Tools are a large expense for homeowners. Lawnmowers, weed trimmers, shovels, rakes, and every variety of equipment can be found in the average garage. Construction workers use tools for their trade that they store in their garage or shed. Theft can be costly, so avoiding that is optimal and easy – just build a lock cage for your garage tools.
Whether you share a garage or just want some extra security for your tools, building a locking cage inside your garage is a viable option. The quickest way to do that is with pre-fab cages anchored to the studs in the garage frame. But that isn’t the only solution to keep your tools safe.
Beginning with determining your needs to completing your locking tool cage is a weekend project that can offer restful sleep and peace of mind. Like many people, you may have no clue where to begin or this may just be a refresher for you. Either way, the solution to securing your tools is awaiting your hammer and saw.
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Let’s Build a Lock Cage for Your Garage Tools
As we stated earlier, the easiest and most expedient way to build a lock cage for your garage tools is by using pre-fabricated panels. These are sold by the piece or in kits. They are easy to assemble and include all the hardware you will need to complete the project.
Rather than going through the step-by-step instructions for this type of enclosure, we are going to help you with the set up and layout issues. The kits come with assembly instructions, so we are avoiding redundancy.
We are also including step-by-step instructions for building your own enclosure using panels you can make in your garage. The materials list does not include exact measurements or amounts, as your list will vary depending on the size of your enclosure.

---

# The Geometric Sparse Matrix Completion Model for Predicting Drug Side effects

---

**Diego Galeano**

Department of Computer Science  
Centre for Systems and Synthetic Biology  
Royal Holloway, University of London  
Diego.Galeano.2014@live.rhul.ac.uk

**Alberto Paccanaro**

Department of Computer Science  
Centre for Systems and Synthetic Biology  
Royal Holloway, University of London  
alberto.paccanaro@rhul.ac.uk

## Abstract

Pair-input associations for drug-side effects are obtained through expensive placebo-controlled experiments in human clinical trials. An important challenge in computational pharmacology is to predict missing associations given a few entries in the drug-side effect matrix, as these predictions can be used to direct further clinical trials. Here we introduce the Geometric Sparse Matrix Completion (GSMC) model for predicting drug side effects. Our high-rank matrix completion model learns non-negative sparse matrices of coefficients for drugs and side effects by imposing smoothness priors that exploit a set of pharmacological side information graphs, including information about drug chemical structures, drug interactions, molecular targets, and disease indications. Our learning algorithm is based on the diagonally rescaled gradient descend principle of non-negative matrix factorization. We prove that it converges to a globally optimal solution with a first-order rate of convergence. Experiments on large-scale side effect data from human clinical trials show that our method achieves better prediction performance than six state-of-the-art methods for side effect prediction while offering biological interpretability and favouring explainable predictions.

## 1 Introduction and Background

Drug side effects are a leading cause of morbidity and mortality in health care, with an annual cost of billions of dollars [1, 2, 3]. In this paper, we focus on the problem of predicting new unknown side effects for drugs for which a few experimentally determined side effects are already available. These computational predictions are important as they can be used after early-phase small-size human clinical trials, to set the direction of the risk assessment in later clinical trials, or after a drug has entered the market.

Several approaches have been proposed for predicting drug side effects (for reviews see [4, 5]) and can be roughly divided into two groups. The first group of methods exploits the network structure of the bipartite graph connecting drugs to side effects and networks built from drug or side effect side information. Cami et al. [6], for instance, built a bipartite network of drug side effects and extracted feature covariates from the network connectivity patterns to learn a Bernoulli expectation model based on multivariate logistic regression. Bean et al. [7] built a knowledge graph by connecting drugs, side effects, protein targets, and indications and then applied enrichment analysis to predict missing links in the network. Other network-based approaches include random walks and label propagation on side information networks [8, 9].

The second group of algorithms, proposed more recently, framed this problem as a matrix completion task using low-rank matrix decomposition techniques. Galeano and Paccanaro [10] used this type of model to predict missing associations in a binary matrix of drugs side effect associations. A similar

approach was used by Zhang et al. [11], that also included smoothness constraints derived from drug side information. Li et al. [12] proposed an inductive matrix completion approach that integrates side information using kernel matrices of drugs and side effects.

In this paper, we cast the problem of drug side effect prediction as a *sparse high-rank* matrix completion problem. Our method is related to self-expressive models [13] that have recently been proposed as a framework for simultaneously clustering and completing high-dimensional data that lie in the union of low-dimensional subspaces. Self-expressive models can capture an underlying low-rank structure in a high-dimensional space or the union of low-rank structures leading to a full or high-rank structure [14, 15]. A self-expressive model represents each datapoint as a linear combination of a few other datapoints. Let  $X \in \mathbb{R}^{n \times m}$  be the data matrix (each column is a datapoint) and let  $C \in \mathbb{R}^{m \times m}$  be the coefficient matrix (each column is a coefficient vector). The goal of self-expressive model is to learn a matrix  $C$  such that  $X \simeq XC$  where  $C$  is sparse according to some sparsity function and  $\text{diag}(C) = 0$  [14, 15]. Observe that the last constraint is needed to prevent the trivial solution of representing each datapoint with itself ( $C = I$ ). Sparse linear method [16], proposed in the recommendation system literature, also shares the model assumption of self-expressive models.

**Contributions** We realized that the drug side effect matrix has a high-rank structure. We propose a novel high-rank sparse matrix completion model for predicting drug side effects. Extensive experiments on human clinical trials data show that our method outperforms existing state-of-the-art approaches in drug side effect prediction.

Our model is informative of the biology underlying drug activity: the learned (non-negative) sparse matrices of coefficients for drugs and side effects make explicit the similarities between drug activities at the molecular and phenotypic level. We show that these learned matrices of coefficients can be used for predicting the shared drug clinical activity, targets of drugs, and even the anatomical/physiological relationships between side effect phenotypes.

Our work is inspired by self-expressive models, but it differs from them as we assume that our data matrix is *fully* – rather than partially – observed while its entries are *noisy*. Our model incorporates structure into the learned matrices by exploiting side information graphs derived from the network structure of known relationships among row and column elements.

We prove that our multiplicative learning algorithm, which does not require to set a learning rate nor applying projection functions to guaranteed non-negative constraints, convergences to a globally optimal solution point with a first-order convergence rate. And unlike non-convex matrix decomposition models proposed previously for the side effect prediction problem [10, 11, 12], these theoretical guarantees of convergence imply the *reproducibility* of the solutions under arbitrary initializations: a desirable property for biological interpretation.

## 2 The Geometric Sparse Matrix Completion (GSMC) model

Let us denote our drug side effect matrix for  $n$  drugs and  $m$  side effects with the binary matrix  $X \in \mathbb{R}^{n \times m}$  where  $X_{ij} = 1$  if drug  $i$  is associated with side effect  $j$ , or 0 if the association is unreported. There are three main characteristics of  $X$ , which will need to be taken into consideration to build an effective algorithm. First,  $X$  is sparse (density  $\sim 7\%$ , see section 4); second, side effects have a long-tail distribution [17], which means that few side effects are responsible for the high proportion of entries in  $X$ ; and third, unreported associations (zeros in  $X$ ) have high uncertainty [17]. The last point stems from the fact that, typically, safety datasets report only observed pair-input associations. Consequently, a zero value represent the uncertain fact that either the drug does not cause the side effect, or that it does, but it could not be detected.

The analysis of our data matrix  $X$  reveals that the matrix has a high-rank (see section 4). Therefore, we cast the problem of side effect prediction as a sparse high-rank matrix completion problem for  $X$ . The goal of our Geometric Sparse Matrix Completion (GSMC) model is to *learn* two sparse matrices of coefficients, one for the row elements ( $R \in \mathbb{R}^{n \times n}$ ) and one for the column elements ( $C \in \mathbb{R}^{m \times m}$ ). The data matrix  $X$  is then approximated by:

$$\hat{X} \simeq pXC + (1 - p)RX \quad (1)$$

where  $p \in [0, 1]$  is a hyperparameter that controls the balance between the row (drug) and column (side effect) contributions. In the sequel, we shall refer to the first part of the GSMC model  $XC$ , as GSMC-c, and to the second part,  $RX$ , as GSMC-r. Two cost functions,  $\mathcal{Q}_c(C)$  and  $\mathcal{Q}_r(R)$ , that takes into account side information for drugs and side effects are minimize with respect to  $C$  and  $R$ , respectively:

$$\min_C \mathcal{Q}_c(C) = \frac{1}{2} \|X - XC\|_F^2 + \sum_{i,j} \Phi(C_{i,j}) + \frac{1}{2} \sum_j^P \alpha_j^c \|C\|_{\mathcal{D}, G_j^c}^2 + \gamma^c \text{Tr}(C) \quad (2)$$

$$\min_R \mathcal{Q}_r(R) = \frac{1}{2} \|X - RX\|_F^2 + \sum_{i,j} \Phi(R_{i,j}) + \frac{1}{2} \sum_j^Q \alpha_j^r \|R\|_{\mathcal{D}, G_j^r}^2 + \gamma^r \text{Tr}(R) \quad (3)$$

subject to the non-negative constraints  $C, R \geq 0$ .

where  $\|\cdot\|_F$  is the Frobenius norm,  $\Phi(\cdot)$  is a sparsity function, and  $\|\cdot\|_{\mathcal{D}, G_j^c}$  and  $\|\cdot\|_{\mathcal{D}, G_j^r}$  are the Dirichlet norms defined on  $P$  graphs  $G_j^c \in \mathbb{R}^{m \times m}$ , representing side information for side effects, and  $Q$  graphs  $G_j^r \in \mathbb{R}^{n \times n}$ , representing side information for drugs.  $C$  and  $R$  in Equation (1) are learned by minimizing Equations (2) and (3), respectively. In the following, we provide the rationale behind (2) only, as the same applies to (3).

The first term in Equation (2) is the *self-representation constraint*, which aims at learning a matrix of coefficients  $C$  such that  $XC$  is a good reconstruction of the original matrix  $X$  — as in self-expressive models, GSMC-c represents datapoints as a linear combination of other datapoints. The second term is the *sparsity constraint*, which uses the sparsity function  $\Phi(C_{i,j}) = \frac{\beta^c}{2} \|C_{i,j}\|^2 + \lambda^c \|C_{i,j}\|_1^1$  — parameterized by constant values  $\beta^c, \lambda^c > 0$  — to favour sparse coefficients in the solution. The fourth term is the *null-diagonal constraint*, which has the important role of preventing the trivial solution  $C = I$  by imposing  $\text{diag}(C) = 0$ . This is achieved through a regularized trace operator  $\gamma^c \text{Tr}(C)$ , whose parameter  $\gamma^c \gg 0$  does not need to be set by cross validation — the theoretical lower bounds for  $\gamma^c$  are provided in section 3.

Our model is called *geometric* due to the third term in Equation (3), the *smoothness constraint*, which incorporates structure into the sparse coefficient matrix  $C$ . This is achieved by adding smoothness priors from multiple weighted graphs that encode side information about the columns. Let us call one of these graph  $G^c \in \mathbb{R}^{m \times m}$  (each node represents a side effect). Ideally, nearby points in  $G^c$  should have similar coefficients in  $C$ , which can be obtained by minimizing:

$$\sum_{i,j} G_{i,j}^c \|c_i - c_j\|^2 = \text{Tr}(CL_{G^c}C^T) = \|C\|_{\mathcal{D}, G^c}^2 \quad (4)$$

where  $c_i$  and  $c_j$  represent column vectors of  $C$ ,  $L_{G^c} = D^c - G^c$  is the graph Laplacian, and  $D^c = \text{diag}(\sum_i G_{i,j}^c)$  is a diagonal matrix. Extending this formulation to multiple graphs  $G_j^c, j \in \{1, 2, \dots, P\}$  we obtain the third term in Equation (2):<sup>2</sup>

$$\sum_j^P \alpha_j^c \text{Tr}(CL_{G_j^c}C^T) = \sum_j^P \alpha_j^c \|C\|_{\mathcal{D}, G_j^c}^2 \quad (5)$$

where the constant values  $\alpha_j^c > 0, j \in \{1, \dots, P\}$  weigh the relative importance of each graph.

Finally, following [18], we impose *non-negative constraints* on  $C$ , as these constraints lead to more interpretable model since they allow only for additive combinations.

Determining Your Needs
The first step is to determine your needs. Some questions that need answers:
- What tools do you need to keep in your lock cage?
- Will you be including shelving in the design?
- Are you planning on purchasing new tools in the future?
- How much room do you have to work with?
- Will your structure be free-standing, or anchored?
Those are the basics. Normally, when beginning any project we recommend starting on paper. List all the pertinent information about your project, including your proposed budget. When you are ready to start, your shopping is easier, and the entire project is more organized. Let’s examine some options.
Clearing Space and Laying Out Your Design
We mentioned that you need to determine where you will place your storage cage. This is important if you use your garage to park a vehicle or as a workshop. If you have decided to place the cage at the back of your structure, you will want to make sure that your vehicle still fits.
When laying out your cage, it is helpful to use masking or duct tape on the floor to show the cage size. Whether you place your cage at the rear or along a side wall, you can make necessary adjustments before you begin building. This also allows you to get more accurate measurements if you are designing and building your cage using raw materials rather than pre-made panels.